Super DAS, Part 2: Super Bowl stadium DAS expands to address increased demand for cellular connectivity

Editor’s note: This story is part 2 of a series of profiles of the providers of the extensive Distributed Antenna System (DAS) deployment for Super Bowl XLIX at and around the University of Phoenix Stadium in Glendale, Ariz. and other parts of the Phoenix city area as well. Stay tuned all week as we highlight how DAS will keep Super Bowl fans connected, no matter where they roam in and around Phoenix and Glendale this week and weekend.

DAS antenna inside the University of Phoenix Stadium. Credit all photos: TE Connectivity

DAS antenna inside the University of Phoenix Stadium. Credit all photos: TE Connectivity

Two years ago, the University of Phoenix Stadium had a pretty good distributed antenna system (DAS) network to handle cellular communications inside the building. But with Super Bowl XLIX coming to the Glendale, Ariz., facility this year, pretty good wouldn’t be good enough — so the stadium’s network operators expanded the DAS by almost 50 percent in preparation for the game-day network surge expected on Feb. 1.

For fans attending the big game with cellular devices in hand that information may be comforting enough; thanks to a bigger, better DAS that is built to service all the major U.S. wireless carriers, they should have no problem getting a signal. Stadium technology professionals, however, usually want to know more about such expansion plans: What does it really mean to increase DAS capacity? How does that new DAS stack up to others in different stadiums and arenas?

More sectors means more capacity

For the Crown Castle neutral-host DAS at the University of Phoenix Stadium, there is one quick measure of how much the DAS expanded: More sectors. In DAS parlance, a “sector” is an area that has a dedicated amount of base station capacity; for the University of Phoenix Stadium DAS, the number of sectors increased from 33 two years ago to 48 sectors now, according to John Spindler, director for product management at DAS gear maker TE Connectivity. TE’s FlexWave Prism and FlexWave Spectrum DAS gear are part of the infrastructure deployed by neutral host Crown Castle in the UoP network.

John Spindler, TE Connectivity

John Spindler, TE Connectivity

Without getting too deep into telecom physics, more sectors in the same amount of space means more capacity. And when it comes to all the different flavors of phones and carrier spectrum, there’s a lot that goes into a DAS to use up that capacity. With all four major U.S. carriers (AT&T, Verizon Wireless, Sprint and T-Mobile) using the DAS, the infrastructure must support a full range of cellular spectrum, from 700 MHz LTE signals to LTE, CDMA, UMTS and EVDO signals in the 800 MHz, 850 MHz, 1900 MHz and 2100 MHz bands. The DAS inside the stadium will use 228 remote antenna units, according to Crown Castle.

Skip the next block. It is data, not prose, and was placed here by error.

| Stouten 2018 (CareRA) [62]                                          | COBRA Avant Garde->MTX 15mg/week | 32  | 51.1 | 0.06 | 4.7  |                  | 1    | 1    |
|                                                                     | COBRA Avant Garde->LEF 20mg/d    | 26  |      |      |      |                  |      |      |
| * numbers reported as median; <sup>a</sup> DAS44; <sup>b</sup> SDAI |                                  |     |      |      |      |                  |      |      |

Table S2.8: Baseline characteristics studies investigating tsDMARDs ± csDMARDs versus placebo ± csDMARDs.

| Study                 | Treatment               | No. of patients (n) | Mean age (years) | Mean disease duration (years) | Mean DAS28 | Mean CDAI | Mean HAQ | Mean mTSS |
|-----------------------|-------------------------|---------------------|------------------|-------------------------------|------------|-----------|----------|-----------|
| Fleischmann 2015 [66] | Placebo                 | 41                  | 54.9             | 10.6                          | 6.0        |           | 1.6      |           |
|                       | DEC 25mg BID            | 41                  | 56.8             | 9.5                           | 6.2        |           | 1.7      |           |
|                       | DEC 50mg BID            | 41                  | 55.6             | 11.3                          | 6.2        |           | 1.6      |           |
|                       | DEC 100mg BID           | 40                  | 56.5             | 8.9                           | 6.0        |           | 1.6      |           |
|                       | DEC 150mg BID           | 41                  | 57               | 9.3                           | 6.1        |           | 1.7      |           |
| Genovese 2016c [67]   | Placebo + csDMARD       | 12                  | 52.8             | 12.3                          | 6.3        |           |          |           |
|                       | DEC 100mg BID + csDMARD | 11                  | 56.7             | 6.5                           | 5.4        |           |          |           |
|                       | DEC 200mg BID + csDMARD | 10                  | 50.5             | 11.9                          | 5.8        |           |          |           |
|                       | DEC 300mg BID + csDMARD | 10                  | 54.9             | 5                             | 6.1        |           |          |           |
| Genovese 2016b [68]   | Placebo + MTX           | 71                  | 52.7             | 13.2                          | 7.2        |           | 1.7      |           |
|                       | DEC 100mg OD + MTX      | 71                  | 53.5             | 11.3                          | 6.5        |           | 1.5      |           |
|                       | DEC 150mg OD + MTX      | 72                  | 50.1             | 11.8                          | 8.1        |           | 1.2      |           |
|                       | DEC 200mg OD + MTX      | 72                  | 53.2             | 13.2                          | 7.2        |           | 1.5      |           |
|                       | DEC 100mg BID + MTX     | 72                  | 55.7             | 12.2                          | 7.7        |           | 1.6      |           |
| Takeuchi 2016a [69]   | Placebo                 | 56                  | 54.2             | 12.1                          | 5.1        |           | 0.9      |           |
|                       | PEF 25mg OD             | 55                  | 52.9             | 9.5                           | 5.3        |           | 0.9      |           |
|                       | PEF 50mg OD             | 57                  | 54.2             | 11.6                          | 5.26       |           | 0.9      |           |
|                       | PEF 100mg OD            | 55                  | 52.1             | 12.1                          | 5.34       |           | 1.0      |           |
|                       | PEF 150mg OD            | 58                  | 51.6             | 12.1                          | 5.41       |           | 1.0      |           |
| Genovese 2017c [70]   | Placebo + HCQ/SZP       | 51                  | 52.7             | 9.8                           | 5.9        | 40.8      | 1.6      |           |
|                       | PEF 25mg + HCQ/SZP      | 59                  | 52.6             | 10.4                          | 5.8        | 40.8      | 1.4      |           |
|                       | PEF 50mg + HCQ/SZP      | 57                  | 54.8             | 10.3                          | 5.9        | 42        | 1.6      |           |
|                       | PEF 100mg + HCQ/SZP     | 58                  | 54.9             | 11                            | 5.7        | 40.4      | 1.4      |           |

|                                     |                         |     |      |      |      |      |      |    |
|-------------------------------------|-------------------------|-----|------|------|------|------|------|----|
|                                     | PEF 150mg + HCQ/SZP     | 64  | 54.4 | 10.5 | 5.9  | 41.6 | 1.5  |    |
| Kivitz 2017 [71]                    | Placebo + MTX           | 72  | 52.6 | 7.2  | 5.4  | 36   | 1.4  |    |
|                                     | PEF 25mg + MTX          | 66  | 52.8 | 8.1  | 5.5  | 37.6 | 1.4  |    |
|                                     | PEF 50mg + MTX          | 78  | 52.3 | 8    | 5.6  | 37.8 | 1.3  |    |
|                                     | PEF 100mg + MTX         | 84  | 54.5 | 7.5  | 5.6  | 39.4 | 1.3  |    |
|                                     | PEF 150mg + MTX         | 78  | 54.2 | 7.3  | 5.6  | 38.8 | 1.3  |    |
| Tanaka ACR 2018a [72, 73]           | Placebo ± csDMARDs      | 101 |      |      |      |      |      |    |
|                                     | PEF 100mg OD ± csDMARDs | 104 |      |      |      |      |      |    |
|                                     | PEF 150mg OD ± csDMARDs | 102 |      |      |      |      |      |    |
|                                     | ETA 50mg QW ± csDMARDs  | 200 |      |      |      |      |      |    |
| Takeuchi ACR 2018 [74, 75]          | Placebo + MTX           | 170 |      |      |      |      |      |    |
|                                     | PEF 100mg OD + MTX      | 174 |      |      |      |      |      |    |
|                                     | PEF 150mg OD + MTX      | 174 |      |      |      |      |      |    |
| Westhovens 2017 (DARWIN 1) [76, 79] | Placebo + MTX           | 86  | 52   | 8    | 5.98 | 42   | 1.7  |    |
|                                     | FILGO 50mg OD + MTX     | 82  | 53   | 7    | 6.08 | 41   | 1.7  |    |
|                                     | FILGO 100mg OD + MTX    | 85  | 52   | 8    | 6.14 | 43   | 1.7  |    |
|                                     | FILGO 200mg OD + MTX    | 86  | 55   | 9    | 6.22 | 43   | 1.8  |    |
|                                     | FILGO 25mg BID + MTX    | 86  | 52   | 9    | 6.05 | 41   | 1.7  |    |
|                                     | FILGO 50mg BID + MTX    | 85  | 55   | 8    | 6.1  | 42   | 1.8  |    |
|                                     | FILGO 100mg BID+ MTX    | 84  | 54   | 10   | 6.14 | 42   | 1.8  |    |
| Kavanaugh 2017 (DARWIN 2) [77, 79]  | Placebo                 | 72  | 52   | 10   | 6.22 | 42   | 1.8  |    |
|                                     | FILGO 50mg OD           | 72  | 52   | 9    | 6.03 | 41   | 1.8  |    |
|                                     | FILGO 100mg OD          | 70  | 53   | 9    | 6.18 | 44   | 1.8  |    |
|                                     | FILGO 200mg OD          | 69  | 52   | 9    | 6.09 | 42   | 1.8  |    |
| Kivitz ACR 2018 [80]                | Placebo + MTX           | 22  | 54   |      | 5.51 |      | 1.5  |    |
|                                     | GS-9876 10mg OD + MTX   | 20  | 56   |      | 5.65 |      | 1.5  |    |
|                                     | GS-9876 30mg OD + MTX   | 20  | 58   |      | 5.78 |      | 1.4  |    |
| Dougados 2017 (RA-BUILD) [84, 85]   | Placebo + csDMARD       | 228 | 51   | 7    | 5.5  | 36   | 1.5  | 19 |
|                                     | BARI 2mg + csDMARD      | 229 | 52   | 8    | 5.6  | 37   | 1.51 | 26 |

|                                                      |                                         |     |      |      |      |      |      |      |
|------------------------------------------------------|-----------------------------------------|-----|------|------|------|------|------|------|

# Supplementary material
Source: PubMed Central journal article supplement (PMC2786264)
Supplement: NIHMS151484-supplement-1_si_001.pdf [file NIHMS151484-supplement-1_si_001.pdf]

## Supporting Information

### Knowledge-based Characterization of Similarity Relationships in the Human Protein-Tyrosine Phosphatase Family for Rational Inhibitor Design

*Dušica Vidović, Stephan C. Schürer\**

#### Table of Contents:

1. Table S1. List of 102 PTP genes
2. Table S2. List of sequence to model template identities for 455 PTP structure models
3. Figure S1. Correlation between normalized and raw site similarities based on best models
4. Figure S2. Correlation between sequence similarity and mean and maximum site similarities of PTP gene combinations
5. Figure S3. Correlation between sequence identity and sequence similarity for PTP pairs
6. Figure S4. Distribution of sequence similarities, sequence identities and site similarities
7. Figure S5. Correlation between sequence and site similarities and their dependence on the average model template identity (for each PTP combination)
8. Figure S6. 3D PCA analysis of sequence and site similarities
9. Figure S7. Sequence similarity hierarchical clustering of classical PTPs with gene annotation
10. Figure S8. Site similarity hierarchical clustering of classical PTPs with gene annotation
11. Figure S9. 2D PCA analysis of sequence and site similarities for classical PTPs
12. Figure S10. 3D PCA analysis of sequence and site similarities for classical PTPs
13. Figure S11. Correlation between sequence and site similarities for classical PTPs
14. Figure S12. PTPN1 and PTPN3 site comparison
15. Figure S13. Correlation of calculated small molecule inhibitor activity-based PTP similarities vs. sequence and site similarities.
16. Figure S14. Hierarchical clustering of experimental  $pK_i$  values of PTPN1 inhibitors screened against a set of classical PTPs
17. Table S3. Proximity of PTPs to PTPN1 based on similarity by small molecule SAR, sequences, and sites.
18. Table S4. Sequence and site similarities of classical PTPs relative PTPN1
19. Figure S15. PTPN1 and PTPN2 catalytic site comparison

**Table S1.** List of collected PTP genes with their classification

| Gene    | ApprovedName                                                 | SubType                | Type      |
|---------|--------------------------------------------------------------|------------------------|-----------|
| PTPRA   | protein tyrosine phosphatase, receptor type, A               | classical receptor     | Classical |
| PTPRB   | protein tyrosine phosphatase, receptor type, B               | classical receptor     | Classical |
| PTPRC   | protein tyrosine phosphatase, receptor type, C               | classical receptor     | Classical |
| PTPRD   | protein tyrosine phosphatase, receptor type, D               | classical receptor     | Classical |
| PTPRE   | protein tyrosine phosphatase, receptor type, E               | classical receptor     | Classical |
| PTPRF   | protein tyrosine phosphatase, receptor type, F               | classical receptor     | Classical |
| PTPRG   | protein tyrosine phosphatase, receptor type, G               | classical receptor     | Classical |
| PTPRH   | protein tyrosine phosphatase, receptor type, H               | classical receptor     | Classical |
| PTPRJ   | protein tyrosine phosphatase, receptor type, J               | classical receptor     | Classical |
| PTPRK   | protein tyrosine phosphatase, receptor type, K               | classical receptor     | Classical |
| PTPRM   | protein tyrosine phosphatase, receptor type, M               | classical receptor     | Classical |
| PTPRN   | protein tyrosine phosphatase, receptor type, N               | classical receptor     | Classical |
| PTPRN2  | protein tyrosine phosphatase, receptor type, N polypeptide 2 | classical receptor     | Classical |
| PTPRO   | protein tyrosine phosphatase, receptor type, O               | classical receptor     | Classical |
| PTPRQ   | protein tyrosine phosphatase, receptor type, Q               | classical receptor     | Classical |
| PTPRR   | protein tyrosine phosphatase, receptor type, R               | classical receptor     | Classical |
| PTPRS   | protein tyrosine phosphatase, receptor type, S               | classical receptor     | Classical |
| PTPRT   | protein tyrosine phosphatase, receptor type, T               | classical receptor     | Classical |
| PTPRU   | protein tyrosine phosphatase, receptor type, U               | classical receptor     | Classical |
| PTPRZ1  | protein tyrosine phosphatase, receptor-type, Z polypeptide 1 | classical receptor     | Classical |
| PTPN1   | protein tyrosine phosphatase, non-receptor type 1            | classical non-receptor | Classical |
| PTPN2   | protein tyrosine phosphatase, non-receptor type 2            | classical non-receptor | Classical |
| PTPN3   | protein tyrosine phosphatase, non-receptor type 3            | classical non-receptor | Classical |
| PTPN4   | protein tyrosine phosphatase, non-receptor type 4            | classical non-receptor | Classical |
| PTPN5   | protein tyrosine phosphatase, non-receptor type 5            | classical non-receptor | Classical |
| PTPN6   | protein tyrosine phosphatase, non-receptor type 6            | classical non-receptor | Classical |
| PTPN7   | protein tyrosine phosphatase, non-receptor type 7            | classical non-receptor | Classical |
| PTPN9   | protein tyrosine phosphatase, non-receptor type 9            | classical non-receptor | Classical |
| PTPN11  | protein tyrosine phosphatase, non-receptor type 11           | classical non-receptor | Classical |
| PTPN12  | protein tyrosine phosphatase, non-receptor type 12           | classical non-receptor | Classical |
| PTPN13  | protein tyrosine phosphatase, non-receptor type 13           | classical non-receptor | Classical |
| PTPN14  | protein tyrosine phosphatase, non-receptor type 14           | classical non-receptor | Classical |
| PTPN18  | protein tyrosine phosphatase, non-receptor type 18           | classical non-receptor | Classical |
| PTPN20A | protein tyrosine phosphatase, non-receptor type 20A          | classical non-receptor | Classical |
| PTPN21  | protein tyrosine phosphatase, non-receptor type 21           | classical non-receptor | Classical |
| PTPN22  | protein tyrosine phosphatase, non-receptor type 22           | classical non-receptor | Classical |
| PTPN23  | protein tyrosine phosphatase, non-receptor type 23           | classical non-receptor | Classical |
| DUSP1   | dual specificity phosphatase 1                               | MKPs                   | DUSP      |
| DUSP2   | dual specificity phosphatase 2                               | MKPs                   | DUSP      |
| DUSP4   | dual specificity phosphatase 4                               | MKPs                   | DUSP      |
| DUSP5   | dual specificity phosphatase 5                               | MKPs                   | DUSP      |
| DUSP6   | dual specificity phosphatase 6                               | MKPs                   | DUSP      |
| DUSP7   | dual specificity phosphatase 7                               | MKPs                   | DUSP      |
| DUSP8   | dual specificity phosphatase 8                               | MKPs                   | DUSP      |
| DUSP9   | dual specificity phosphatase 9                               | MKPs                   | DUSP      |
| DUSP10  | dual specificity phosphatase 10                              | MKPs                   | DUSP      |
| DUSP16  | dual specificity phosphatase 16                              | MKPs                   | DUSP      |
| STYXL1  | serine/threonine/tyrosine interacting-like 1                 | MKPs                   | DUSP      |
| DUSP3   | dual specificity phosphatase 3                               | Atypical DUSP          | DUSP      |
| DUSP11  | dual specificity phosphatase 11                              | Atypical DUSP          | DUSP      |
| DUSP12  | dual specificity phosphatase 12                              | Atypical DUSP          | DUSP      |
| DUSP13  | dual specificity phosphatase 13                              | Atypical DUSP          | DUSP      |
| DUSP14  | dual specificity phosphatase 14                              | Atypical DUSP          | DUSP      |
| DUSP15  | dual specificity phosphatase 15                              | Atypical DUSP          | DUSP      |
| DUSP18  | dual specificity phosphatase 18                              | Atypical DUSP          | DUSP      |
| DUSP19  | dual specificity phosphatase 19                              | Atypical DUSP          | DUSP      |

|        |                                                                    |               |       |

“More frequencies, more MIMO [multiple-in, multiple-out antenna-enhancement technology] and heavier sectoring,” is how Spindler described the general needs for most DAS upgrades, and for the UoP DAS, where Spindler foresees another big number for Super Bowl stadium DAS traffic on Feb. 1.

“I would expect to see record [DAS] numbers,” Spindler said.

One DAS to rule them all

DAS active integration panel

DAS active integration panel

Last year, the DAS situation at MetLife Stadium in New Jersey was especially tough to explain, since both AT&T and Verizon built their own separate infrastructures. According to AT&T its DAS customers at Super Bowl XLVIII used 624 gigabytes of traffic, a record then but a figure that has been surpassed many times this past football season at both college and pro football venues (the recent College Football Playoff championship game, for instance, saw 1.4 TB of DAS traffic for AT&T customers at AT&T Stadium). Verizon claimed last year that its customers used 1.9 TB of wireless data during the Super Bowl, but Verizon never provided specifics whether that number represented just DAS traffic, or Verizon customer usage of the MetLife Wi-Fi network as well.

Either way, the guess is that the DAS at the University of Phoenix Stadium will set new Super Bowl traffic records on Feb. 1, and by all accounts the infrastructure seems ready to handle it. Spindler, for one, said the Crown Castle DAS is “definitely well designed.” And Travis Bugh, senior wireless consultant for CDW (which installed the new Wi-Fi system at UoP), said he was also impressed by the performance of the Crown Castle DAS, which he said seems more than ready for the coming Super Bowl crush.

NEXT: What are the carriers doing to supplement the DAS coverage?


  1. Michael Bobko says

    I noticed CommScope (“Andrew” labeled) oDAS equipment near the stadium as well.

    How much CommScope equipment is part of the overall project? It looks like TE is taking full credit for the stadium and environs but I wonder about the Andrew gear in identical housings.

  2. Michael, thanks for the eagle eye spotting. Haven’t gotten any official confirmation about the total product mix. I disagree with your take that TE is taking “full credit,” they just had a press release saying they were part of the deployment.

    We try to ask for as specific details as possible but as you know not everybody in a deployment is always at liberty or willing to disclose all those details.

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